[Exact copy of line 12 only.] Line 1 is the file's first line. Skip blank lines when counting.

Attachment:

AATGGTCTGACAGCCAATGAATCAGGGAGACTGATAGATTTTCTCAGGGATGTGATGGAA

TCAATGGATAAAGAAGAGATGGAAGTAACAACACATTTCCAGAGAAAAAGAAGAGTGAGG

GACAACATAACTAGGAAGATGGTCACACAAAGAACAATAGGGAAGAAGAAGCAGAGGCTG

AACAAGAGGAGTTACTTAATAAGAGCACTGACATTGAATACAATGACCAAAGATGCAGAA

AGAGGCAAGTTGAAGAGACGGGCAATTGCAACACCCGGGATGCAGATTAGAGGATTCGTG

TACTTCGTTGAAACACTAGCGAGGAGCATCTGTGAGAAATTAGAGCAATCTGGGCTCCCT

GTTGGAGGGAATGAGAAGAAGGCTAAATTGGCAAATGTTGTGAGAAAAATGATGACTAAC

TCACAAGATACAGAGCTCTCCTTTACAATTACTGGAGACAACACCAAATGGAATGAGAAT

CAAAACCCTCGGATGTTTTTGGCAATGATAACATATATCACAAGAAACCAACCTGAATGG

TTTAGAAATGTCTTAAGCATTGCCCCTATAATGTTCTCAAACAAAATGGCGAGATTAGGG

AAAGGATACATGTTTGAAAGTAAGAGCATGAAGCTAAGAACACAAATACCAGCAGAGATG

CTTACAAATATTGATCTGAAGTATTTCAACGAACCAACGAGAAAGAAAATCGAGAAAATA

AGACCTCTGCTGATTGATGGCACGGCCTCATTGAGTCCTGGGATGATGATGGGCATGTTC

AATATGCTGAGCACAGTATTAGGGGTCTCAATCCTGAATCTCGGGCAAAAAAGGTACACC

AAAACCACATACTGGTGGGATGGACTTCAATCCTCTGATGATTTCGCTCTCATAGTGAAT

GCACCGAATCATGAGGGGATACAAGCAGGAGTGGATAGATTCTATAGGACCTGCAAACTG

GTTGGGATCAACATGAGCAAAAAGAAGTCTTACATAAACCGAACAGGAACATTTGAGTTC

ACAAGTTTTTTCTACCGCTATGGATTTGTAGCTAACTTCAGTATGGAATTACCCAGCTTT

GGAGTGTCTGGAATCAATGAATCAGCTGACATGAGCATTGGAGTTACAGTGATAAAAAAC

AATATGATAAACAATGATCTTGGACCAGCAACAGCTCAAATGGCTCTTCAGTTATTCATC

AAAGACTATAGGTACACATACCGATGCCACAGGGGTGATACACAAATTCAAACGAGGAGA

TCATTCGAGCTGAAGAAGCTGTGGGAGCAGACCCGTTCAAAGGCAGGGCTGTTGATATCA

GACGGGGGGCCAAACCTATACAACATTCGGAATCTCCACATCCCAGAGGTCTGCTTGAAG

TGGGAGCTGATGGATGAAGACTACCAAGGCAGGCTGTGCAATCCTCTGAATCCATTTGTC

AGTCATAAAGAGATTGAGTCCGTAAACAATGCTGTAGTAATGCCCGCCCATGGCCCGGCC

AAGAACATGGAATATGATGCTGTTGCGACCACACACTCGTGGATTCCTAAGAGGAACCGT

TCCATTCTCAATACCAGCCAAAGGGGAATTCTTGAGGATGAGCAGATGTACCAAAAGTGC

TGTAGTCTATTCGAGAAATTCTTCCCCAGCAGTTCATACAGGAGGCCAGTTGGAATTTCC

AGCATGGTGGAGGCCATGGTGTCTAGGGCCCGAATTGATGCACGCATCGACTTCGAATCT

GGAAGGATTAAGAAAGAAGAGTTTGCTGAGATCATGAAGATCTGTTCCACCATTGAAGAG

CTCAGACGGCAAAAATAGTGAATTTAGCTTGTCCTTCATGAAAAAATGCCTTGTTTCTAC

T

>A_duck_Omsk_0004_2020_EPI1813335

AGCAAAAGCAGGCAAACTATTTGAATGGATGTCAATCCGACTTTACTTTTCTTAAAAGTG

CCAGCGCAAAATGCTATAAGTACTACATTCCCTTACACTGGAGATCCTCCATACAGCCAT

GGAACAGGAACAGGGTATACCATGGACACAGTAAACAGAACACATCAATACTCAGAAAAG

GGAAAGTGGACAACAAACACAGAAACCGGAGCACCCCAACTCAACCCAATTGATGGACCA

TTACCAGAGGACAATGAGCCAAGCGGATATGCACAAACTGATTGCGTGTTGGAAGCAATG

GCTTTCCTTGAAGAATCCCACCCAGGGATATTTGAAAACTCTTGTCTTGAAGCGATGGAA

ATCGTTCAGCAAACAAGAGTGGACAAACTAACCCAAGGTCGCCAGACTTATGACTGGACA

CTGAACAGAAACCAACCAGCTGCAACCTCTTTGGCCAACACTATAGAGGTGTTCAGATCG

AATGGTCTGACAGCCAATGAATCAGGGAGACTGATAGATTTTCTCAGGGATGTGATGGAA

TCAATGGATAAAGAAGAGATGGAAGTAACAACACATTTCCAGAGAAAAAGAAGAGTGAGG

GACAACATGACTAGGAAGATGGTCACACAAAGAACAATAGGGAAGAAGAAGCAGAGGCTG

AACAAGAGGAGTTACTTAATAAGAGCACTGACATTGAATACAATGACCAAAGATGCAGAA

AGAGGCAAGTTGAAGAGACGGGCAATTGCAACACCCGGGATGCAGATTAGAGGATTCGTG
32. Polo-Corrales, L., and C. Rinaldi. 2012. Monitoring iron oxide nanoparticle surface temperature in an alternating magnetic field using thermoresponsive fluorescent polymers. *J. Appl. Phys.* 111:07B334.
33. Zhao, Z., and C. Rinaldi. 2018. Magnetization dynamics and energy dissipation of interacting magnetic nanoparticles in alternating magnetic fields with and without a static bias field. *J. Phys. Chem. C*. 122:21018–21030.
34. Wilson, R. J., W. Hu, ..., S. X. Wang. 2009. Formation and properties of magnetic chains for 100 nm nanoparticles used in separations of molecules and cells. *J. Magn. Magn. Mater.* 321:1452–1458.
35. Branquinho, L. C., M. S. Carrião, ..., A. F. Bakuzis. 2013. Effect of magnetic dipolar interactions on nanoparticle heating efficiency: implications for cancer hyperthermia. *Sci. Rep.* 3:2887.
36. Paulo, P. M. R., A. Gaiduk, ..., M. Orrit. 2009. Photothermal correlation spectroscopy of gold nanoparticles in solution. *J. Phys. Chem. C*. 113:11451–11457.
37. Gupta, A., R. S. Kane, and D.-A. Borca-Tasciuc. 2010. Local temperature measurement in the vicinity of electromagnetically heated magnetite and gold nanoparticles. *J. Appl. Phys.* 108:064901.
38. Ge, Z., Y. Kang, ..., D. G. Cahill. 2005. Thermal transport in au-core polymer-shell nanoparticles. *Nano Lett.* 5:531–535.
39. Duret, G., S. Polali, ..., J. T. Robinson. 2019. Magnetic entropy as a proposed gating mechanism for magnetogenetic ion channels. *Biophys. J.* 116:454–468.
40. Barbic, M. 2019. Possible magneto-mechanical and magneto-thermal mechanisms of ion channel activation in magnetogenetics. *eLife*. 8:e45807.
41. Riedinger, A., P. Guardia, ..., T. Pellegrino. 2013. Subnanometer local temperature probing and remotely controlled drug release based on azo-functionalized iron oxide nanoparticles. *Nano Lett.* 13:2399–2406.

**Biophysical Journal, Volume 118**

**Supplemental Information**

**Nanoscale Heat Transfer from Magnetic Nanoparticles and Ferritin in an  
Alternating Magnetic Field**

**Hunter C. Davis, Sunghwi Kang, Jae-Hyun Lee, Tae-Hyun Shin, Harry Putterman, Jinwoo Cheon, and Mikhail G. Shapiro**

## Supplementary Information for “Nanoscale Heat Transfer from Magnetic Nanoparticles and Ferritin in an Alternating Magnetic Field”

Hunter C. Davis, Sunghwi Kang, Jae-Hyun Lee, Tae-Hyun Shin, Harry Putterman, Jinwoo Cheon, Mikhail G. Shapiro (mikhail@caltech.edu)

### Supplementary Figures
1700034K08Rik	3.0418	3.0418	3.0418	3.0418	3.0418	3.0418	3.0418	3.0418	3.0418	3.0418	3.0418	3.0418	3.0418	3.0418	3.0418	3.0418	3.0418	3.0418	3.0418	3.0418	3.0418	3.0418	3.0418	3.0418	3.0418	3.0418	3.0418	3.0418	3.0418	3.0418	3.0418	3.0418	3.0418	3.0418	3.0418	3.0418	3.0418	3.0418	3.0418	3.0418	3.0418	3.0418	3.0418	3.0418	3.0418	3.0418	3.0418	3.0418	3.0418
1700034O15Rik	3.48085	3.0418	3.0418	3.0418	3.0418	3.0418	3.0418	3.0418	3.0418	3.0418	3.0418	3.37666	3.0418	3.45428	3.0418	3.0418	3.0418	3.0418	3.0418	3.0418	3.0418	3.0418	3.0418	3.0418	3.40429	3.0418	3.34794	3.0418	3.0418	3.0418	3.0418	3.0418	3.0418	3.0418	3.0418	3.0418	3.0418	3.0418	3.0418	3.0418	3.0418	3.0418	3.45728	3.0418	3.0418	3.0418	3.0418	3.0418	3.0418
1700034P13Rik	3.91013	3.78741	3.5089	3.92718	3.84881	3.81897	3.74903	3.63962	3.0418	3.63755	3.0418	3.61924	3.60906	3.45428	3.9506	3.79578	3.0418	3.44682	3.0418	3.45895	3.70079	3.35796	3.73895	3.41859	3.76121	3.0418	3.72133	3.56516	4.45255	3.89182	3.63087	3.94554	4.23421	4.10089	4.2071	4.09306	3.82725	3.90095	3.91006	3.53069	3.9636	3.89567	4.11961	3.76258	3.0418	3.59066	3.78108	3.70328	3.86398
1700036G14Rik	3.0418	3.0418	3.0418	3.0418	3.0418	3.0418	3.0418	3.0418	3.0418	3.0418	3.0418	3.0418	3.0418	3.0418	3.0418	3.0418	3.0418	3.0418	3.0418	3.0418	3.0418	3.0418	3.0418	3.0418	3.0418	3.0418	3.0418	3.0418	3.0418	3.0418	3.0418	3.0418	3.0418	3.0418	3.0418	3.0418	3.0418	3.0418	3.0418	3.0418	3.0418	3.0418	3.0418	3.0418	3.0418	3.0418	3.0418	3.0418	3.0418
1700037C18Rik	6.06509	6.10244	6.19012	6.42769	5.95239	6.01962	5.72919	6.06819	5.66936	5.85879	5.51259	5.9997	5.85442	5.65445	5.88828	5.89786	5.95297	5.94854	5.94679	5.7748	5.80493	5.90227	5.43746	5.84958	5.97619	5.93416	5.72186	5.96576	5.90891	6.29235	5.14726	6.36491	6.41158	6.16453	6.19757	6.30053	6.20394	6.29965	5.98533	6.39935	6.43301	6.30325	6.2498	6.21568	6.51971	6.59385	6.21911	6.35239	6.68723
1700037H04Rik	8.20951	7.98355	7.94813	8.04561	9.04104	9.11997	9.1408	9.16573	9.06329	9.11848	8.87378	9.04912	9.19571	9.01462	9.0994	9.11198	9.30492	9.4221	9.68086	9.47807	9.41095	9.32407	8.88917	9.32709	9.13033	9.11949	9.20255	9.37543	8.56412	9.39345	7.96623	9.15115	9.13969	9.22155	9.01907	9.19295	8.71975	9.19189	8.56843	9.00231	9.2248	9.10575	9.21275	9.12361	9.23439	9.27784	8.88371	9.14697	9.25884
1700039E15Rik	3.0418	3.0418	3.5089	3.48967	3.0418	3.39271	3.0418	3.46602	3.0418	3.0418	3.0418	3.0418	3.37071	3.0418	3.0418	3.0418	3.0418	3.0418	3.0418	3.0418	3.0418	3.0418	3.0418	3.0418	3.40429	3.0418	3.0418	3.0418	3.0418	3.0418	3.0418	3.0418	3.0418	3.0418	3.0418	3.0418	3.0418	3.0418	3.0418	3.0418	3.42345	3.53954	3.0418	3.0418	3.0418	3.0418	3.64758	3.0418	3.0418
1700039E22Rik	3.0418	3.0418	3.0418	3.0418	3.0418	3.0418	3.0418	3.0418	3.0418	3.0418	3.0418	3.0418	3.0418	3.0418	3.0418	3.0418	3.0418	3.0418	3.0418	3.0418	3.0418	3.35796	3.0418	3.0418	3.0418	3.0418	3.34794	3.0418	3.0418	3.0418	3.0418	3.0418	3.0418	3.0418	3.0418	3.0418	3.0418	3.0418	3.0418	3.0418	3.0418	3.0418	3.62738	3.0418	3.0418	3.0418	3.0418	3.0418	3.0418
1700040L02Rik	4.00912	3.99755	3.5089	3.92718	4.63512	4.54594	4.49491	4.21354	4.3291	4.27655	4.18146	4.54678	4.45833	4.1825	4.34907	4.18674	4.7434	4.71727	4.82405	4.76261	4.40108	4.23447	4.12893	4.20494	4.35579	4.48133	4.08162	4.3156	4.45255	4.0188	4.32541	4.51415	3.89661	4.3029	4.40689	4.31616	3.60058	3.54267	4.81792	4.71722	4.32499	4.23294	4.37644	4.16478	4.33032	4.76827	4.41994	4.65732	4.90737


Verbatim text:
CTTACAAATATTGATCTGAAGTATTTCAACGAACCAACGAGAAAGAAAATCGAGAAAATA